Smith and Smith were aware of the above-mentioned phase problem, but recognized that this could be fixed with an additional assumption: that the light in the higher-order mode has a slightly different optical frequency. The effect of that frequency difference is that the modal interference pattern is moving. As the resulting refractive index pattern follows with some time delay, we get a phase lag which makes the coupling possible. It remains the question how some light at a different frequency gets into the fiber input, but there are several ways how this can happen. For example, the input signal may easily have a sufficiently large optical bandwidth – a few kilohertz are already sufficient for the thermal coupling, and a few hundred kilohertz for the Kramers–Kronig effect. The problem may even start simply as a kind of amplified spontaneous emission (ASE), as the mode coupling can easily generate a substantial effective gain of higher-order modes.
Although we have no proof yet that the described effects are exactly what caused the trouble in various previous experiments on high-power fiber amplifiers, the mechanism described by Smith and Smith is entirely plausible, concerning the basic physics and also quantitatively. It is only possible that even more physical mechanisms – yet to be identified – exist which can cause such mode coupling.
I assume that the authors are already examining in detail the impact of various design parameters of an amplifier which can influence the strength of that mode coupling. Having made a comprehensive numerical model, it is relatively simple for them now to check a number of such dependencies. This should also help to optimize designs for obtaining higher powers with still excellent beam quality. The ultimate remedy, of course, would be to realize fiber designs with very large mode area which are strictly single-mode. Alternatively, one can try to arrange somehow a strong loss for all high-order modes, but at it seems, this would have to be rather strong indeed.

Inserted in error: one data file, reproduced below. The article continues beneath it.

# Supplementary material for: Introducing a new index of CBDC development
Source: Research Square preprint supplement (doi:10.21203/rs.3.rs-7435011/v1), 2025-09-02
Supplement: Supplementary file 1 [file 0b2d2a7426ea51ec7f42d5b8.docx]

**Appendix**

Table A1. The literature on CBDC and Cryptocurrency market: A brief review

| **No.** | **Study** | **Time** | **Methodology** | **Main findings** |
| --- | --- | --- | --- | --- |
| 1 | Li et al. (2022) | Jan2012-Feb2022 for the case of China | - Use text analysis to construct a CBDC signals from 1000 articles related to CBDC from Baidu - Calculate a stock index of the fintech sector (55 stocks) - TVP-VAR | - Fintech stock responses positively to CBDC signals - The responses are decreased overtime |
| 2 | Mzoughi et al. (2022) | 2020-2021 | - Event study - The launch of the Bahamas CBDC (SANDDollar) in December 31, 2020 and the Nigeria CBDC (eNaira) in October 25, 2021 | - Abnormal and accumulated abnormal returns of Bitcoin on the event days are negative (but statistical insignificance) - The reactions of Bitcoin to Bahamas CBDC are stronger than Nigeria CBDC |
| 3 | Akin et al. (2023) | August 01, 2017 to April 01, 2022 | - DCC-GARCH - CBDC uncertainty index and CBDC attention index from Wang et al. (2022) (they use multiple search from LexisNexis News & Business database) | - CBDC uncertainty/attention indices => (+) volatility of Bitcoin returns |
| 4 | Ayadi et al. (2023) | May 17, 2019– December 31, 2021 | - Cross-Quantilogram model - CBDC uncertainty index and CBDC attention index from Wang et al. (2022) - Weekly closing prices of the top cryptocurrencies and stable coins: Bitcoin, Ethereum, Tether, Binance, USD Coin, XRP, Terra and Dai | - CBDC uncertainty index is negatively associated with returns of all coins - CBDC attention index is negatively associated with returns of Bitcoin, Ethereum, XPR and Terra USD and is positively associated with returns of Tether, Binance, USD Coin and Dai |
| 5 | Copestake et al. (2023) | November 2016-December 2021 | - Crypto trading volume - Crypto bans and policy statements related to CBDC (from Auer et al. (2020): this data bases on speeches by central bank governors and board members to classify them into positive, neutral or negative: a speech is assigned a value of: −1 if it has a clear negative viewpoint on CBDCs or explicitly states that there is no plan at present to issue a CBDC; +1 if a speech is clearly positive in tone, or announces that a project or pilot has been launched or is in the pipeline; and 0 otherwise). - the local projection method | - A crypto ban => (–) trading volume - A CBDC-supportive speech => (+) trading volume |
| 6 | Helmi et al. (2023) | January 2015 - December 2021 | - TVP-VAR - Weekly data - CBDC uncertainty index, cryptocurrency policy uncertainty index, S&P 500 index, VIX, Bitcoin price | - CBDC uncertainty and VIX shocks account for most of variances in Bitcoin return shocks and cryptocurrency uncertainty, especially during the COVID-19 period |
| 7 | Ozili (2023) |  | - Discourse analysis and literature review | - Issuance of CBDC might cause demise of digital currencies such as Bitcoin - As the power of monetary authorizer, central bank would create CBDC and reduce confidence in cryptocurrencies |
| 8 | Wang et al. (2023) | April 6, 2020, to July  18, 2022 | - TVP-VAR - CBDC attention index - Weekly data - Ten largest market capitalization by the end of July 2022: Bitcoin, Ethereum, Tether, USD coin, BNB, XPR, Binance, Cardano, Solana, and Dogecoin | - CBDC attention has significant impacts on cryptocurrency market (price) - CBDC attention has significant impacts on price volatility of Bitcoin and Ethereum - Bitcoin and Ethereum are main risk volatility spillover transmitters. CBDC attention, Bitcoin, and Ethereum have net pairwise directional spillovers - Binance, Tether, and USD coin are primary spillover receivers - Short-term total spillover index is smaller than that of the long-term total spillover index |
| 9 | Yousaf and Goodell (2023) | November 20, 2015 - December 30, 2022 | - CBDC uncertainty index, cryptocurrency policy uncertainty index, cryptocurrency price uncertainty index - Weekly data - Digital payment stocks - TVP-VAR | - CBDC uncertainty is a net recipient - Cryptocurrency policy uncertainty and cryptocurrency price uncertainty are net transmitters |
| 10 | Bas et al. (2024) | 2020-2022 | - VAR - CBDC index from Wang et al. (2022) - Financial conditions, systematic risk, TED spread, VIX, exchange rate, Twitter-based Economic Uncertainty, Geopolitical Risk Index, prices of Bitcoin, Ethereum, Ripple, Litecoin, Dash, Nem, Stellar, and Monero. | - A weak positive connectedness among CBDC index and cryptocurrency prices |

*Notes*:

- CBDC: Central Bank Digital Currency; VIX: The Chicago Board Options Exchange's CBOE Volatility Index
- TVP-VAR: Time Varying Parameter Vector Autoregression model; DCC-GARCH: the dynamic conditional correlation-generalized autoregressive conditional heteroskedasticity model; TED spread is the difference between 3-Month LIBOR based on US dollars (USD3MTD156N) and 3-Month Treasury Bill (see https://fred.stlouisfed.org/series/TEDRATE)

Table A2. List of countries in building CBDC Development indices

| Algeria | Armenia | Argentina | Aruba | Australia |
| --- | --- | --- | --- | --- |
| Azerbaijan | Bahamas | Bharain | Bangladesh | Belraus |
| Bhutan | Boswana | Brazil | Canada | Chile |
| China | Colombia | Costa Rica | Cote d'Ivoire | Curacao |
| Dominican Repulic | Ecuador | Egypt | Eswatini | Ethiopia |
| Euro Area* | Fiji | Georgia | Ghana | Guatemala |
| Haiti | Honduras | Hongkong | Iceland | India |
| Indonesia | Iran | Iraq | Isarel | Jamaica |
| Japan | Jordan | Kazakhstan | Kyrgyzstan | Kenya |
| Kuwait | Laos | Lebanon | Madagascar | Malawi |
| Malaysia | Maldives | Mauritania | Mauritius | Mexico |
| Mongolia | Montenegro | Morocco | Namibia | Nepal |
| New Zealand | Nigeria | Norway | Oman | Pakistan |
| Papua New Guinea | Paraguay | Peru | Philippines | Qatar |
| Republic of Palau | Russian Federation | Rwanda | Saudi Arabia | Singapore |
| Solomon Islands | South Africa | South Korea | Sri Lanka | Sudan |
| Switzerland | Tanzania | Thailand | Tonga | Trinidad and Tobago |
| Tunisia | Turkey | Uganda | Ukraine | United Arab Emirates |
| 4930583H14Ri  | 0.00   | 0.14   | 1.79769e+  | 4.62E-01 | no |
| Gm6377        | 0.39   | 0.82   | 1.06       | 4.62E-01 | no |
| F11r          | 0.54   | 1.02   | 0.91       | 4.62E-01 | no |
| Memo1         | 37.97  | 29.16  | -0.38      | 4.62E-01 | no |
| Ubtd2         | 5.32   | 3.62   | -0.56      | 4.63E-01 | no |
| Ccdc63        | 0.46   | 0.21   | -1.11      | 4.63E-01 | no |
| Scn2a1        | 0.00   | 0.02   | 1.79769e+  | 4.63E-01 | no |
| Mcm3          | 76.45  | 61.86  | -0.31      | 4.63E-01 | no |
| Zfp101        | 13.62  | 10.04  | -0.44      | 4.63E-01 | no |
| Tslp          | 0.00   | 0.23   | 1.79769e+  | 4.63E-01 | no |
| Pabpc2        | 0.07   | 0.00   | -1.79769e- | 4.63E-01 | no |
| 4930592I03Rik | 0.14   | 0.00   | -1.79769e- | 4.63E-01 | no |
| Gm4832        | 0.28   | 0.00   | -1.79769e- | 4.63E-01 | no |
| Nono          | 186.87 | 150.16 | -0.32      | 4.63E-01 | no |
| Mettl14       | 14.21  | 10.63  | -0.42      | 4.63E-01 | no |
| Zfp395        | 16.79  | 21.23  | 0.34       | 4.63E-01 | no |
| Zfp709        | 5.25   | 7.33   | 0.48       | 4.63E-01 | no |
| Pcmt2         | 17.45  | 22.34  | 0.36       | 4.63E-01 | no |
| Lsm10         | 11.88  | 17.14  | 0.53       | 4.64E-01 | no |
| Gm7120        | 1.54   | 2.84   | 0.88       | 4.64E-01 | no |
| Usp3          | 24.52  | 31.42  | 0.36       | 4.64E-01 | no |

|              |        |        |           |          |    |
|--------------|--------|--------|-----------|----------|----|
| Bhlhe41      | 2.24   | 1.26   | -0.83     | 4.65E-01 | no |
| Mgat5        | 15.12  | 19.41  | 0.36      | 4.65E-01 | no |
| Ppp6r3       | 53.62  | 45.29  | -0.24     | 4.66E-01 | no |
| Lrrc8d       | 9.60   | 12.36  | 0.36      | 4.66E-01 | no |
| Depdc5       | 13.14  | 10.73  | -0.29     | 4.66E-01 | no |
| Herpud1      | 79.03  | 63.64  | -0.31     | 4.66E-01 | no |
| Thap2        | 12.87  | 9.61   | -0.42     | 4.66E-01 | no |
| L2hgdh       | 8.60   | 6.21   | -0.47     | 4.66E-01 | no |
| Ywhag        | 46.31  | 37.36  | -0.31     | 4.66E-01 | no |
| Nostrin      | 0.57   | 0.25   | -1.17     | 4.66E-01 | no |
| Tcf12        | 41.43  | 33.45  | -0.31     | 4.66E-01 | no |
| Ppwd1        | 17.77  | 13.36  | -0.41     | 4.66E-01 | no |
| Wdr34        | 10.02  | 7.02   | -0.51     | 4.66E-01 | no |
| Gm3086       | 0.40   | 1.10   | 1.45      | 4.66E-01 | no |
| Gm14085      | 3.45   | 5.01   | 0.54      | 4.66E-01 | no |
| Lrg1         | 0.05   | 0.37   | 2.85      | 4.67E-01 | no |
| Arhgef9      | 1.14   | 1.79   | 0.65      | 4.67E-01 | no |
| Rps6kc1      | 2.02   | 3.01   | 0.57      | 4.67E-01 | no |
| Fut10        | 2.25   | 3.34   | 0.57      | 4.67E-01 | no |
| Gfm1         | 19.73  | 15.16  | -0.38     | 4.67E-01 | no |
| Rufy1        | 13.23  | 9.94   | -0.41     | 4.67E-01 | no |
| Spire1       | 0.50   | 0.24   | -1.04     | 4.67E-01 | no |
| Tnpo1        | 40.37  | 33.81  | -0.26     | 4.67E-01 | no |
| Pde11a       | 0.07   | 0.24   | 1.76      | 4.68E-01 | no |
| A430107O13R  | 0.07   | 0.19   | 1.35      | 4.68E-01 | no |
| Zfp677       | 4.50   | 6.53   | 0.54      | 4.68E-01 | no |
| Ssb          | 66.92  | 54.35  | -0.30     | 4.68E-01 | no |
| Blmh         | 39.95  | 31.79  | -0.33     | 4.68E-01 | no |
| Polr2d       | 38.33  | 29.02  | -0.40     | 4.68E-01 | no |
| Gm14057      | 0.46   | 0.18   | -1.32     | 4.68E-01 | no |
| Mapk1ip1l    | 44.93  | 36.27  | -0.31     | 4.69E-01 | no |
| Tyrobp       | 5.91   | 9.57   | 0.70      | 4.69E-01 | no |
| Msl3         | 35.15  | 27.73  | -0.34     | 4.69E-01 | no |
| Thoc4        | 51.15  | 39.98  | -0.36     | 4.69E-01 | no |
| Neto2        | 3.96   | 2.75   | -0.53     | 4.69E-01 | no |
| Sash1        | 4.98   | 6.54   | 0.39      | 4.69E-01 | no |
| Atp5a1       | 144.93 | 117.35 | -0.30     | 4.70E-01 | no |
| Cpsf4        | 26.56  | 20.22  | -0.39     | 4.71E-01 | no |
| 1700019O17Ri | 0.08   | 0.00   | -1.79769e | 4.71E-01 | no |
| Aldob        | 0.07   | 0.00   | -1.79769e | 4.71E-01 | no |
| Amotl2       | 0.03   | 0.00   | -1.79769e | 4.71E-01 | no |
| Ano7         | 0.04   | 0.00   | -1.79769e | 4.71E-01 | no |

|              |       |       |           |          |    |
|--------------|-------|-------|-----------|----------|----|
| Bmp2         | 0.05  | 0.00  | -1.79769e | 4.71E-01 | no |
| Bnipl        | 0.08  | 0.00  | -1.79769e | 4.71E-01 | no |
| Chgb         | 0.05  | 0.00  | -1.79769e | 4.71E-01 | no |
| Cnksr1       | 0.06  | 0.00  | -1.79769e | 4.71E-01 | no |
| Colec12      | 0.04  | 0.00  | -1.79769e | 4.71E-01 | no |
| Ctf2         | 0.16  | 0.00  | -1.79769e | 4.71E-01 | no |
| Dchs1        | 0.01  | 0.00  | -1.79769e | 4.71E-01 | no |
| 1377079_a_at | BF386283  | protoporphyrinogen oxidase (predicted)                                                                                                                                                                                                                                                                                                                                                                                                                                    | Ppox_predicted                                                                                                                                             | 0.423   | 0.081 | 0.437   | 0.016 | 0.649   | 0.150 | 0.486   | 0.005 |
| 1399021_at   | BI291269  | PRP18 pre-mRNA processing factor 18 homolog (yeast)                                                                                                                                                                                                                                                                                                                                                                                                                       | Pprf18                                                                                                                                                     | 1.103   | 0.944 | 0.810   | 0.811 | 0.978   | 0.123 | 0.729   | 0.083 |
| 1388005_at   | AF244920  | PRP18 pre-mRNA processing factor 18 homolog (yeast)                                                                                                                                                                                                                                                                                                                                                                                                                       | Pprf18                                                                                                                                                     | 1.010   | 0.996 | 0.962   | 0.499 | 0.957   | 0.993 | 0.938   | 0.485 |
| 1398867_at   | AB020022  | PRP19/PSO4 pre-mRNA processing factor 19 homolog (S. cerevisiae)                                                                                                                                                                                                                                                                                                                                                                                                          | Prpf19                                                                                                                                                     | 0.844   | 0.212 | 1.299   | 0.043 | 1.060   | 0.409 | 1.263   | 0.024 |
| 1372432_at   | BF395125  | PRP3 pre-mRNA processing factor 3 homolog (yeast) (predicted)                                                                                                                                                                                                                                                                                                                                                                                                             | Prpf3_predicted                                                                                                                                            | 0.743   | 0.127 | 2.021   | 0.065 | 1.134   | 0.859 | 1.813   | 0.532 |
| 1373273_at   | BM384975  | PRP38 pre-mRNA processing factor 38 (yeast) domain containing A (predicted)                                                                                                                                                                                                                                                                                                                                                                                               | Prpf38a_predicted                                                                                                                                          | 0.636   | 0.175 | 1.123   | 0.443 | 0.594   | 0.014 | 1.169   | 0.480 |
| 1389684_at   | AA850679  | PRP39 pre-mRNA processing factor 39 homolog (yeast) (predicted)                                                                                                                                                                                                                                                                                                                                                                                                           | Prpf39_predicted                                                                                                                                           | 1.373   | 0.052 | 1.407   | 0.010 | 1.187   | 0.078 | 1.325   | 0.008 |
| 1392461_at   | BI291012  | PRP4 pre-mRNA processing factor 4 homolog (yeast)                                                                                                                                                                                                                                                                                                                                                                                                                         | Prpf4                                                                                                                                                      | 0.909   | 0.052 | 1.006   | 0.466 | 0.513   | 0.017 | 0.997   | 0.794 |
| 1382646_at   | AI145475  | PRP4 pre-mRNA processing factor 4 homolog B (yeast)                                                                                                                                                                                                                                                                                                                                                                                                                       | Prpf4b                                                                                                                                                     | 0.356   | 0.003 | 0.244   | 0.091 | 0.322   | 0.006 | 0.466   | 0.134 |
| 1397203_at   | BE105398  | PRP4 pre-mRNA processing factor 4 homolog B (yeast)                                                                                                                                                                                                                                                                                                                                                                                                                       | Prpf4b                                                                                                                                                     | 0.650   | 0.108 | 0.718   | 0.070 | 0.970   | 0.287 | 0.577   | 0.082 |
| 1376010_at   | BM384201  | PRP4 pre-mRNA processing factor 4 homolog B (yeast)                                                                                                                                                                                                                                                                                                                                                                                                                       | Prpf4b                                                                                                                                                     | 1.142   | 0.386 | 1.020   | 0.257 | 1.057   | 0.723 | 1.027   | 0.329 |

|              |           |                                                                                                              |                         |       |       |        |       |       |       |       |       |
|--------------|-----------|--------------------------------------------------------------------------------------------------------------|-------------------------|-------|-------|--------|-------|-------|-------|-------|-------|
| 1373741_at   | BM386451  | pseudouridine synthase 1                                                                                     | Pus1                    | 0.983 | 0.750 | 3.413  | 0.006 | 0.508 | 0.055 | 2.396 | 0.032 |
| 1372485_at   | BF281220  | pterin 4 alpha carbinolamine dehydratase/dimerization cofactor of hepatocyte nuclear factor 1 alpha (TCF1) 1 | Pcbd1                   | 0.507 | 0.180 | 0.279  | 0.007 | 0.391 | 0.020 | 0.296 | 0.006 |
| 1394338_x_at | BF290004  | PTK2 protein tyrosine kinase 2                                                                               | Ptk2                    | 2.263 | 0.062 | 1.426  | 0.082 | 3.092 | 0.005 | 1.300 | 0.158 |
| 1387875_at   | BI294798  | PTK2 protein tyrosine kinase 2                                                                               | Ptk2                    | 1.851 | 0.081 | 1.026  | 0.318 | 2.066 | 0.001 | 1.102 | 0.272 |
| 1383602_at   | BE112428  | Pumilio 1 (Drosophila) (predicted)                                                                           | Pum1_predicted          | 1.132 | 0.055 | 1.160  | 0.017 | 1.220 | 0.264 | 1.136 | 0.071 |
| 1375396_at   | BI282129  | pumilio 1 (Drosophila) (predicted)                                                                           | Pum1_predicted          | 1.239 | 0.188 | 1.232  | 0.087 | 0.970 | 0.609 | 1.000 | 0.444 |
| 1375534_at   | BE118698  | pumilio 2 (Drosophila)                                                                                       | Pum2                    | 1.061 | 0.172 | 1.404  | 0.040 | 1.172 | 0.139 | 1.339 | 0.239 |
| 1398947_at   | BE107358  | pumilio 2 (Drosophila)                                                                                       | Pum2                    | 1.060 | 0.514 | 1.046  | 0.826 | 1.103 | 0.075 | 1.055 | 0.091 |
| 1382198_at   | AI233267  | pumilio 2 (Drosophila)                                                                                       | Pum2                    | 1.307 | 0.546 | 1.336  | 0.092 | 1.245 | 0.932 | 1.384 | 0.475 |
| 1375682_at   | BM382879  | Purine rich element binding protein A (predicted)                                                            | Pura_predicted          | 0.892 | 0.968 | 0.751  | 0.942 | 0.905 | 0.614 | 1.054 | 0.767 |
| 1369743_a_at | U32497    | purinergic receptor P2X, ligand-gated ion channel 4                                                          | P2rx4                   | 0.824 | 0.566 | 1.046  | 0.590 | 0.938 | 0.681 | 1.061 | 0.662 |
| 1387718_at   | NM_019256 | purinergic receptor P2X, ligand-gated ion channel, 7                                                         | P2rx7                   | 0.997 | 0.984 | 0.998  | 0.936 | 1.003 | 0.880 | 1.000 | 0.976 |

I wished I could implement such mode coupling effects into my RP Fiber Power software, but this would be very time-consuming – for myself to develop it and for anyone executing such simulations. Note, however, that as long as effective gain resulting from such mode coupling is low enough, the effect is minimal. Only for these very high-power devices, one can encounter these effects.
Finally, I would like to express my high respect for Arlee V. Smith. The discussed paper is just another example of very high-quality and useful work. It is not only entirely correct, as far as I can see, but also reveals interesting and relevant new physics and explains this very well. Several other very high-quality papers of this author are cited in my encyclopedia, and often they have been very useful for my own research. That quality of papers – not their number! – characterizes an excellent researcher.
This article is a posting of the Photonics Spotlight, authored by Dr. Rüdiger Paschotta. You may link to this page and cite it, because its location is permanent. See also the RP Photonics Encyclopedia.